But that was then. Now it's all about the small: itty bitty ubiquitous 'bots that scatter over the surfaces of planets and grab information via digital sensors. It's all part of a bigger cultural shift, wherein the viral and the piecemeal usurp the towering and unilateral, and you heard it here first: The iTunes store will put an end to the age of the album, because once all the indies are online, 99-cent singles are irrestistible.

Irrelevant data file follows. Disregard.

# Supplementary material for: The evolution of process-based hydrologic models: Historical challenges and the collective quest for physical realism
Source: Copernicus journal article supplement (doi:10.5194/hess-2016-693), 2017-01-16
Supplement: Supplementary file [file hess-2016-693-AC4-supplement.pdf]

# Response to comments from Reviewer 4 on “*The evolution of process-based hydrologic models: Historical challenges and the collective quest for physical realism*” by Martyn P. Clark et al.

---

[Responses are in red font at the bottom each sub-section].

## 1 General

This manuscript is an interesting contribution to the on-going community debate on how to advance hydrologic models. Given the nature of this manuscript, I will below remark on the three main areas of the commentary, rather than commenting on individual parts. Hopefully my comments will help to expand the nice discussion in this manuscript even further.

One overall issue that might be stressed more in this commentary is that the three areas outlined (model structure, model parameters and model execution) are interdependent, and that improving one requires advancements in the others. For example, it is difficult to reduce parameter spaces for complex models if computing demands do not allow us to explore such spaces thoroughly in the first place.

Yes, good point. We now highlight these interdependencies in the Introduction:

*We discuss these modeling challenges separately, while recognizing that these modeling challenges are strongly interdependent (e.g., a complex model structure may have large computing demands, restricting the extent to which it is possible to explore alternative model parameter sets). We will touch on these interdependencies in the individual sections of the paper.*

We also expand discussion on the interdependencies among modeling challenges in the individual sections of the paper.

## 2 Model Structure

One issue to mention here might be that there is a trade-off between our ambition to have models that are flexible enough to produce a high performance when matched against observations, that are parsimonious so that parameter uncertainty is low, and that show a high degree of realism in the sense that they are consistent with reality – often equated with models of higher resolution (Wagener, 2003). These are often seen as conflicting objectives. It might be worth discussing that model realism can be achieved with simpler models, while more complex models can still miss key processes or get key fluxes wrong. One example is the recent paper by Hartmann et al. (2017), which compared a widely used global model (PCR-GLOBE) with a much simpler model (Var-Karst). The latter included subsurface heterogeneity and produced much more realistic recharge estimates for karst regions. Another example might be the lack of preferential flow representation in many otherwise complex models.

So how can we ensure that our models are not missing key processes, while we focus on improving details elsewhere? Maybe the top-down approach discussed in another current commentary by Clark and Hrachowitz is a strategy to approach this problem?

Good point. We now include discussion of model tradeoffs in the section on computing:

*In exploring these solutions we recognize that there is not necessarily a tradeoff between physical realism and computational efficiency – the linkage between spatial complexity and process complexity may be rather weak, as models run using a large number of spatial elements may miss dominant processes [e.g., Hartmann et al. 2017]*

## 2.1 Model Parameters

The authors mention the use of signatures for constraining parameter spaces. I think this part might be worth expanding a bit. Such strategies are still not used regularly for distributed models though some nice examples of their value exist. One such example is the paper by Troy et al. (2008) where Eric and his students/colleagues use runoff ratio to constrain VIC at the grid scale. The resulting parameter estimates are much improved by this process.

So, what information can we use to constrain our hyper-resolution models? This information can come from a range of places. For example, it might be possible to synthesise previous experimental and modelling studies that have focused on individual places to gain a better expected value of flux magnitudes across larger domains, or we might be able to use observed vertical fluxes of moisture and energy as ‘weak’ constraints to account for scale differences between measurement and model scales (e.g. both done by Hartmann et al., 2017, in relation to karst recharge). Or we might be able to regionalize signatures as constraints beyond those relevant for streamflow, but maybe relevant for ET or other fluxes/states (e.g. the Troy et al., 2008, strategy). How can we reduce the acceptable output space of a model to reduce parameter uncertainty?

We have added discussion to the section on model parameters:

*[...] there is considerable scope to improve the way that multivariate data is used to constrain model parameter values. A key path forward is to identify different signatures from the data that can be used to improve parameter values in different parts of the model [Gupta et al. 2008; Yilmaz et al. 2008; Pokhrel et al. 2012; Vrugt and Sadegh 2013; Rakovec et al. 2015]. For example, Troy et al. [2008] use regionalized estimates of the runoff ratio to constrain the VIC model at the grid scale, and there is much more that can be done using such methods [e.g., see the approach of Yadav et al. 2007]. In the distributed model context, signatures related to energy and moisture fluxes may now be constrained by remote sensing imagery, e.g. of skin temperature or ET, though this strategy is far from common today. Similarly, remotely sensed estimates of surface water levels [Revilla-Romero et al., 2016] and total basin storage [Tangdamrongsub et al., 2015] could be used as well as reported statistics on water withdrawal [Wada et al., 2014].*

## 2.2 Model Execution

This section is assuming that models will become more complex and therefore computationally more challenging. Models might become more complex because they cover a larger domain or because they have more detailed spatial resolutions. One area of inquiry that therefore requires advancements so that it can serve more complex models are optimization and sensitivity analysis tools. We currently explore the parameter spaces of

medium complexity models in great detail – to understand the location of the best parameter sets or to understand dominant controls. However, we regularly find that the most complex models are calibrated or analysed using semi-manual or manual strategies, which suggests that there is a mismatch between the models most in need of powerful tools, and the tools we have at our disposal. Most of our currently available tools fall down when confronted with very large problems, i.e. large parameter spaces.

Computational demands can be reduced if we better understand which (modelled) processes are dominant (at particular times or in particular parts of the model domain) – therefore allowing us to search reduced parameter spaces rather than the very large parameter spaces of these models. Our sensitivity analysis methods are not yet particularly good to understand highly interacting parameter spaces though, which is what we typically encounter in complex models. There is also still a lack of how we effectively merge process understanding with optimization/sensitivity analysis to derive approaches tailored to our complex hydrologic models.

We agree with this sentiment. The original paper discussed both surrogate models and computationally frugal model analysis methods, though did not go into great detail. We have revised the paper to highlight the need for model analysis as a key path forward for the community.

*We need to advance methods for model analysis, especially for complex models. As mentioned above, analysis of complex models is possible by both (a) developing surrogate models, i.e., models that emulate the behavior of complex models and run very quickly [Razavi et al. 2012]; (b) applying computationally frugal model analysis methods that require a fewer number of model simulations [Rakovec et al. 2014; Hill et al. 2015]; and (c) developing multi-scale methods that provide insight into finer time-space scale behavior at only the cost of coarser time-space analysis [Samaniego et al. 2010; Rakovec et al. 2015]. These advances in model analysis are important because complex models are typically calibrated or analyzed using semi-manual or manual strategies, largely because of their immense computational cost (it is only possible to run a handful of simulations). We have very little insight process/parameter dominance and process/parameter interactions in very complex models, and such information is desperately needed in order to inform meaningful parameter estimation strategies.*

Which is why, maybe, Dave Pajo is not only one of the most accomplished and intuitively gifted musicians of our time, but also among the most forward-looking. First of all, he can replicate himself: He's been in Slint and Tortoise, and played guest on half the twangy post-rock records you know and like -- particularly every single thing Will Oldham has ever released. The Bonnie Prince is still returning the favor, adding his warble to pretty much every minibot-styled Pajo release under various "M"-related monikers. Though he's released LPs, Pajo seems to shy away from the long-player format, preferring to parcel out his minimalist, roots-inflected tracks bit by bit. Prescient, perhaps; good, usually.
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